Cuomo’s Controversial COVID Policy Linked to Higher Nursing Home Deaths, Study Finds

New York Governor Andrew Cuomo’s controversial early pandemic policy forcing nursing homes to accept COVID-19-positive patients continues to draw scrutiny. And the latest developments are not welcoming news for the three-term governor.

Because Cuomo’s mandate prohibited nursing homes from screening residents released from the hospital for COVID-19, many have suspected it needlessly contributed to the death of elderly New Yorkers.

Now, a new report from the nonpartisan New York think tank the Empire Center found that Cuomo’s policy is correlated with higher nursing home death rates.

“The admission of coronavirus-positive patients into New York nursing homes under March 25 guidance from the New York State Department of Health was associated with a statistically significant increase in resident deaths,” the report found.

According to the report, data show each new admission of a COVID-positive patient was correlated with .09 additional deaths and associated with an average of 4.2 additional deaths per facility. Both figures fall outside the margin of error.

“Statewide, the findings imply that COVID-positive new admissions between late March and early May, which numbered 6,327, were associated with several hundred and possibly more than 1,000 additional resident deaths,” the report says.

As of Wednesday, more than 47,000 New Yorkers had died with or of the coronavirus, according to official statistics, which is more relative to population than any state with the exception of New Jersey.

Unlike many states, New York was hit particularly hard early in the pandemic. Following devastating outbreaks in March and April, New York suffered roughly 20,000 deaths by early May. Roughly 5,300 of these were classified as nursing home deaths, according to the Associated Press.

On May 10, under increased scrutiny and political pressure, Cuomo announced he was reversing his controversial order.

“We’re just not going to send a person who is positive to a nursing home after a hospital visit. Period,” Cuomo said. “If there’s any issue, the resident must be referred to the department of health which will find alternative care.”

Shortly after New York’s order was rescinded, however, it was revealed that the New York State Department of Health had changed the way it was recording nursing home deaths. Sometime in late April, nursing home residents who died of COVID-19 were no longer being counted as “nursing home deaths” by the state if they were transported to the hospital and died there rather than at the actual nursing home.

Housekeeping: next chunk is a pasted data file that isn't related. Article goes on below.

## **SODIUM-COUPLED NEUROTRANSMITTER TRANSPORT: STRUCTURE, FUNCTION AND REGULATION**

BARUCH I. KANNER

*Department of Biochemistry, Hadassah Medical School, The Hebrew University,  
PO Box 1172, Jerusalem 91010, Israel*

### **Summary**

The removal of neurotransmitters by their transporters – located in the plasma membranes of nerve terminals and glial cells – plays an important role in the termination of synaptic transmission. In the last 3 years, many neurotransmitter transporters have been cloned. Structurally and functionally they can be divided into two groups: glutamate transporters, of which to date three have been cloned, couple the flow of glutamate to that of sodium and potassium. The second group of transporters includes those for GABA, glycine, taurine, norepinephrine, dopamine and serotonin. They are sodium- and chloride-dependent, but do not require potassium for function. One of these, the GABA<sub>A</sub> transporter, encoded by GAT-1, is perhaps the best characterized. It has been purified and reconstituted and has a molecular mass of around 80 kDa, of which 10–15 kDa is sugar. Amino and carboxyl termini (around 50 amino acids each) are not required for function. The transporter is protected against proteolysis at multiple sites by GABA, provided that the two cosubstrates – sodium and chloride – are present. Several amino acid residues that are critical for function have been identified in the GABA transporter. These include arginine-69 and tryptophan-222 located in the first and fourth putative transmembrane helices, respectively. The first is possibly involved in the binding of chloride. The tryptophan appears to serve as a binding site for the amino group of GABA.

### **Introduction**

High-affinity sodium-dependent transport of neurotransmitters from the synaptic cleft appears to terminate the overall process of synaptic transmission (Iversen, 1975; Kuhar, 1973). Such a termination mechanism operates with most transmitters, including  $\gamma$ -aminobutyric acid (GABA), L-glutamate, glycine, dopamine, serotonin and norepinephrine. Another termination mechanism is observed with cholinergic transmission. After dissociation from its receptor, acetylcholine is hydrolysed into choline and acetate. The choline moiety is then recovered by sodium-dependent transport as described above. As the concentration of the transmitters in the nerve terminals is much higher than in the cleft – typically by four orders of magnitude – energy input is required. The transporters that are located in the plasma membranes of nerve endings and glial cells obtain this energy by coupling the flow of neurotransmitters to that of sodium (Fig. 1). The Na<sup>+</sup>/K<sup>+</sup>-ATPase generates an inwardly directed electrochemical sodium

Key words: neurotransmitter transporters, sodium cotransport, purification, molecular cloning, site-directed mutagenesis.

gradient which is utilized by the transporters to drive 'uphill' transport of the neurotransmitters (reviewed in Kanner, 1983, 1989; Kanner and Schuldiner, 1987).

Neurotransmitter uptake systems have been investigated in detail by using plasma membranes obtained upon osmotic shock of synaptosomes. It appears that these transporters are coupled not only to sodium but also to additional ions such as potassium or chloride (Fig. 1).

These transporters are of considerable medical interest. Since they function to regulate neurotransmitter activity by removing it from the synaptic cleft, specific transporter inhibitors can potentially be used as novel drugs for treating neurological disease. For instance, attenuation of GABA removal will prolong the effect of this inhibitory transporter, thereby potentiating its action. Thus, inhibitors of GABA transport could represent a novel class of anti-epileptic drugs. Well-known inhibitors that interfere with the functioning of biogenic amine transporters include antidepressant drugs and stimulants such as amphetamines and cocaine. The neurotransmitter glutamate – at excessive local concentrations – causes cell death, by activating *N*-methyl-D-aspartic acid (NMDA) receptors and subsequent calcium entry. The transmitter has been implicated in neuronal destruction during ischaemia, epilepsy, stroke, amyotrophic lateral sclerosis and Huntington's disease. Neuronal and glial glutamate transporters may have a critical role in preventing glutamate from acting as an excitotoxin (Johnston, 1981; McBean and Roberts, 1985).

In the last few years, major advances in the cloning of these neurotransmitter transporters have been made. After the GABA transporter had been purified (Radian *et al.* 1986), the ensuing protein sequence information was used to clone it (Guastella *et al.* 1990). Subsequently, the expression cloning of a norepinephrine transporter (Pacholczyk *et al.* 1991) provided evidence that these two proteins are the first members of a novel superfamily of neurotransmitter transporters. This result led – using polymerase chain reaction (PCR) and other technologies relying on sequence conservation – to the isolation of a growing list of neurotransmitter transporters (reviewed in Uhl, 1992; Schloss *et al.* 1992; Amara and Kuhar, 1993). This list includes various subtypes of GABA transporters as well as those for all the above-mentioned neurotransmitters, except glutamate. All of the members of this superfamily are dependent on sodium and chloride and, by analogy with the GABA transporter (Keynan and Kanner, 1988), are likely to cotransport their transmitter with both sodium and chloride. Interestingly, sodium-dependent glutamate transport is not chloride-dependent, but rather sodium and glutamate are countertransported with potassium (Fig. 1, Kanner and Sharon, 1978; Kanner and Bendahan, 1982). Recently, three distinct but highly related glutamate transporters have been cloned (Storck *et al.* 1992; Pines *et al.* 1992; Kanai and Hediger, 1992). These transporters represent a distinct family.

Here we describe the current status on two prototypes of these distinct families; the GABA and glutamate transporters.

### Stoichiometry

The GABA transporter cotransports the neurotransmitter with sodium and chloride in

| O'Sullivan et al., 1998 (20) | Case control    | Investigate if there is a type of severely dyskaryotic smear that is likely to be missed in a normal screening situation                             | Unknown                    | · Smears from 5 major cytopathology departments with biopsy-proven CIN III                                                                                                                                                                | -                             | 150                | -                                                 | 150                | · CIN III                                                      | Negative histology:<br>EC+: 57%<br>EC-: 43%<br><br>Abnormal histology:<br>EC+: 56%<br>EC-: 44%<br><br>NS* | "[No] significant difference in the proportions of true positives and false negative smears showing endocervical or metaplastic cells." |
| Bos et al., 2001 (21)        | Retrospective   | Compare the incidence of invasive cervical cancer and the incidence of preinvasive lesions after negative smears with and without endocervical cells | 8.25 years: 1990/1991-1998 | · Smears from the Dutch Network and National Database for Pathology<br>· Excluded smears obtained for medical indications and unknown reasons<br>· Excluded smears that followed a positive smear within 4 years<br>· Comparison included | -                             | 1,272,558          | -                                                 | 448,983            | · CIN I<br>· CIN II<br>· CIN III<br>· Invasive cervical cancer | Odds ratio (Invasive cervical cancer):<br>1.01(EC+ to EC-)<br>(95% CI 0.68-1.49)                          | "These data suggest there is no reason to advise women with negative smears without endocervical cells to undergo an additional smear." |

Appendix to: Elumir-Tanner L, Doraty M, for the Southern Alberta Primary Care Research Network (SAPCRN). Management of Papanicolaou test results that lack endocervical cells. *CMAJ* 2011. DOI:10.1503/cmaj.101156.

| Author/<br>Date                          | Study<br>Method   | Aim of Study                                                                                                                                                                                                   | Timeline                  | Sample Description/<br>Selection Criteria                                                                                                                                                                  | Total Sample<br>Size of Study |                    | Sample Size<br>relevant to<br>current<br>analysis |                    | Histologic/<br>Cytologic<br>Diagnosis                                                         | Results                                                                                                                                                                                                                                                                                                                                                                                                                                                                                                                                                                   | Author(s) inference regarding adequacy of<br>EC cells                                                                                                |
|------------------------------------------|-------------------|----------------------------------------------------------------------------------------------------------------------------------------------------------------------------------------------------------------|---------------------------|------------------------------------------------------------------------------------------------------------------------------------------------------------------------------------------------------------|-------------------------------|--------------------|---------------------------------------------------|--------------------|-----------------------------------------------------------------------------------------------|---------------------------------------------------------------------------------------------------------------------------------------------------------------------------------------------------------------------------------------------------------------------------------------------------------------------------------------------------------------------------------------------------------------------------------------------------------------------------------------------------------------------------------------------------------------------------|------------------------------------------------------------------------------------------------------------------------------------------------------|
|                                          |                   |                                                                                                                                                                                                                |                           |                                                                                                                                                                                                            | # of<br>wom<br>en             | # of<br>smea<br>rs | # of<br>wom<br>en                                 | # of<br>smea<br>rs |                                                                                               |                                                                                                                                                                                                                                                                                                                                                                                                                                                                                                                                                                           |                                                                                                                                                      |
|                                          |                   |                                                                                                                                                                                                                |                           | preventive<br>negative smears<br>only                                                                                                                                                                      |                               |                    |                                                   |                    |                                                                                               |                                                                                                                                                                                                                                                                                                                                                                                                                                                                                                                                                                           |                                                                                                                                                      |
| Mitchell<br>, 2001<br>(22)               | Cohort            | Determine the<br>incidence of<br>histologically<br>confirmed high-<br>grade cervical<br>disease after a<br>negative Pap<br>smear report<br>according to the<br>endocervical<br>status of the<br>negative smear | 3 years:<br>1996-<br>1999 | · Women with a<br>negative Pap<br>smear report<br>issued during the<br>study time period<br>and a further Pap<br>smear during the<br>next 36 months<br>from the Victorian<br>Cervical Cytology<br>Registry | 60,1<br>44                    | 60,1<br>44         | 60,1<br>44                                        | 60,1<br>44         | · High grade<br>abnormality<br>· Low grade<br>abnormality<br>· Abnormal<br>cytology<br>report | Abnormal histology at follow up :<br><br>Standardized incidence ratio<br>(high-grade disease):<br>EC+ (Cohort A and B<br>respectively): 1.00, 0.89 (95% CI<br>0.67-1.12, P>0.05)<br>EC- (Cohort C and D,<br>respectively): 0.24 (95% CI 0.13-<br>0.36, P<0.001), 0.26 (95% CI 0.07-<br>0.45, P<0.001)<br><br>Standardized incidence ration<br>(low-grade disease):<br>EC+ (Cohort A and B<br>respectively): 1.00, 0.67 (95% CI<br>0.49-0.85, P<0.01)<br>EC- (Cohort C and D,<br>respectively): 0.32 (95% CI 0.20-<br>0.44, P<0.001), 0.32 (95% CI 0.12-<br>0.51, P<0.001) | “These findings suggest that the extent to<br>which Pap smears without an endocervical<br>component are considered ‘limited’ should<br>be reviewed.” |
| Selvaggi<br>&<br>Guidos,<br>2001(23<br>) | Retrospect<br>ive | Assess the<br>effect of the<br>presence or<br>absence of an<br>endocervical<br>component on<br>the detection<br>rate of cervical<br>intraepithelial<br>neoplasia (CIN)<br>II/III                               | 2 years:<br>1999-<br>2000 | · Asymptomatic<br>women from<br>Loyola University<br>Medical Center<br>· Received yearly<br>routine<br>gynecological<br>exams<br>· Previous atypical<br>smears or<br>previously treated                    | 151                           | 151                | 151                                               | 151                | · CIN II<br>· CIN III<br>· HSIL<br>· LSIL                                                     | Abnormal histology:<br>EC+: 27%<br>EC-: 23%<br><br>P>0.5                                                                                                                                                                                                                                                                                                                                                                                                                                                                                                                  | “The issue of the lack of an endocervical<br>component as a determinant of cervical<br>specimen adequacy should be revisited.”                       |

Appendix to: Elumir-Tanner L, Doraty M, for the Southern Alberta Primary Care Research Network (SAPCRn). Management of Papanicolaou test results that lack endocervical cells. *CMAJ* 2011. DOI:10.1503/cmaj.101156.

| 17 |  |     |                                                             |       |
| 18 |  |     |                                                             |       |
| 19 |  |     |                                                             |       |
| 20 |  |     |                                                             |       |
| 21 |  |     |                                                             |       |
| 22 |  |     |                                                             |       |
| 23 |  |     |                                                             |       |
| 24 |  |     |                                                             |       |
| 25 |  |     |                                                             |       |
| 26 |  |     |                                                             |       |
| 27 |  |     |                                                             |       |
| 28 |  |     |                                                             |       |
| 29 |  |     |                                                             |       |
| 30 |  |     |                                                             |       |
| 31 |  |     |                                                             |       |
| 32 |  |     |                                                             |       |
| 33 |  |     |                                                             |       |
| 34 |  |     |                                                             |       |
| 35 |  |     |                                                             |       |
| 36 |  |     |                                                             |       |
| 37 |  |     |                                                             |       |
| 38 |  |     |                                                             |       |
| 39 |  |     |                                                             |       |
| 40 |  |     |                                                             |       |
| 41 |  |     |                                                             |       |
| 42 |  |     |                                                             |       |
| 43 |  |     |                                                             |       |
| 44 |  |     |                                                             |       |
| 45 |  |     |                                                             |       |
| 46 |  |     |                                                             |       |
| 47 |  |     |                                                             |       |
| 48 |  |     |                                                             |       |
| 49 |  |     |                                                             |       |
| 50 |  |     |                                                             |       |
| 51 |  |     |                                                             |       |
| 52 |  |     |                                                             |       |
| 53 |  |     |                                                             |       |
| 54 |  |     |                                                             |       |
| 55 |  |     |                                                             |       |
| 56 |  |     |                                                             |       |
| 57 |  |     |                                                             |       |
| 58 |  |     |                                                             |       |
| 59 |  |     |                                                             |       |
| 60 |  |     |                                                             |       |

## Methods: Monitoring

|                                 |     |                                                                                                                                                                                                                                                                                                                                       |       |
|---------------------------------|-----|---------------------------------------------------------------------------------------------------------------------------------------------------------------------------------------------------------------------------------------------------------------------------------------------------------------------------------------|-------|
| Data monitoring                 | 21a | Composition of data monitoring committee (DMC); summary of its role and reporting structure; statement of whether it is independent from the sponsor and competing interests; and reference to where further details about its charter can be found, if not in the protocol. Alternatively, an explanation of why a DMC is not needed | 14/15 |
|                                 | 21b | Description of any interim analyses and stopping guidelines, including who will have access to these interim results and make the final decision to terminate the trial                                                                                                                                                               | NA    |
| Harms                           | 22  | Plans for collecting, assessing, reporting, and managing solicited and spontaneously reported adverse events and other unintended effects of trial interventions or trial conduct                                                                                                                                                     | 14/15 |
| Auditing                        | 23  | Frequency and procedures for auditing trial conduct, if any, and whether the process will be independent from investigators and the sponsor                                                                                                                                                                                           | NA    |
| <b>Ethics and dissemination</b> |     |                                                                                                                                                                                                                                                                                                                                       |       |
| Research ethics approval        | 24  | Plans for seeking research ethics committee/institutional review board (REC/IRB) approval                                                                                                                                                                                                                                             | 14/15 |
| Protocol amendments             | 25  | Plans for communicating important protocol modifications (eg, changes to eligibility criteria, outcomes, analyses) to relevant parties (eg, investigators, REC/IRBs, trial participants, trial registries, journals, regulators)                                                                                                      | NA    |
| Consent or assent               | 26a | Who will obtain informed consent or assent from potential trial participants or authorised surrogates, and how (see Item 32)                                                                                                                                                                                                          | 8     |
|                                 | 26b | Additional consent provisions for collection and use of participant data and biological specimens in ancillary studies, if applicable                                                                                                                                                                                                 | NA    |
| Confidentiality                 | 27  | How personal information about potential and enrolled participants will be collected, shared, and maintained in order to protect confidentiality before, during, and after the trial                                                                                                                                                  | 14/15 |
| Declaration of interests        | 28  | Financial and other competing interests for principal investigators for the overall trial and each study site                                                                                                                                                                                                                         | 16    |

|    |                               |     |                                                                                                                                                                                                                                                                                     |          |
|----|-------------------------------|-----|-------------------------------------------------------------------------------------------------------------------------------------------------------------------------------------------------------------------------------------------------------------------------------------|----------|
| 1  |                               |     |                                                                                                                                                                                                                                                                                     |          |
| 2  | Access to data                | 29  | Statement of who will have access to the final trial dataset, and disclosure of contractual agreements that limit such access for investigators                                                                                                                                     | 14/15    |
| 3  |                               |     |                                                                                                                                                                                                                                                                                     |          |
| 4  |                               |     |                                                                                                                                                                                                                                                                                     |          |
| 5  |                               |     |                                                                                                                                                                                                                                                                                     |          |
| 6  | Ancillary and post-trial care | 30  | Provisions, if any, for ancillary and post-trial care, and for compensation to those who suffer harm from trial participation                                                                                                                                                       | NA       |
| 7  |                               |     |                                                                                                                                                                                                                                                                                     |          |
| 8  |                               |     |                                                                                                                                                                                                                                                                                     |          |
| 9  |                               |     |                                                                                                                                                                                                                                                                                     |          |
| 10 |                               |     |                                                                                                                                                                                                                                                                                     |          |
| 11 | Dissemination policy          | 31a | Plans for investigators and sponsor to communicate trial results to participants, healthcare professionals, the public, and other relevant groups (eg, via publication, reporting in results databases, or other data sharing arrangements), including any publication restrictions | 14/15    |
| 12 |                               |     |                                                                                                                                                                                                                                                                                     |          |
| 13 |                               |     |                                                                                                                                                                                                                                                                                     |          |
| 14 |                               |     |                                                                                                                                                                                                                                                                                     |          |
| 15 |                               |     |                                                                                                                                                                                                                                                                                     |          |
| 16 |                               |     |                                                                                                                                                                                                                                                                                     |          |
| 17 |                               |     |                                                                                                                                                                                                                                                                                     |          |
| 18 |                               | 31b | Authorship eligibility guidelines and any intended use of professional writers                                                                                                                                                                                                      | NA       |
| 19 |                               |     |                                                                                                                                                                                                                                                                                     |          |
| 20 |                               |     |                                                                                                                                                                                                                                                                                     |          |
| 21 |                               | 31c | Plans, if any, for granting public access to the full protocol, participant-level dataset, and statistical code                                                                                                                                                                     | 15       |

“[New York’s coronavirus tracker] currently does not include out of facility deaths,” NYSDOH spokeswoman Jill Montag told the Daily Caller. “Deaths of nursing home and adult care facility residents that occurred at hospitals is accounted for in the overall fatality data on our COVID-19 tracker.”

Though FEE and other publications wrote about the matter at the time, the apparent effort to conceal or minimize nursing home deaths drew little mainstream media attention for months. That changed in January when New York’s state attorney general Letitia James released a damning report that concluded “a larger number of nursing home residents died from COVID-19 than DOH data reflected.”

How large a number? As ProPublica reported, we know: 12,743.

That is the Cuomo’s administration’s own count, which was updated after the state attorney’s report was released, and it’s “roughly 50% higher than any loss of life previously acknowledged by the administration,” ProPublica’s Joe Sexton observed. (Subsequent reporting alleges that the Cuomo administration is still underreporting nursing home deaths.)

The fallout was severe.

On February 12, the New York Times reported that Cuomo was facing “allegations of a coverup” and “lawmakers from both parties have called for stripping the governor of the emergency powers that he has exercised during the pandemic.”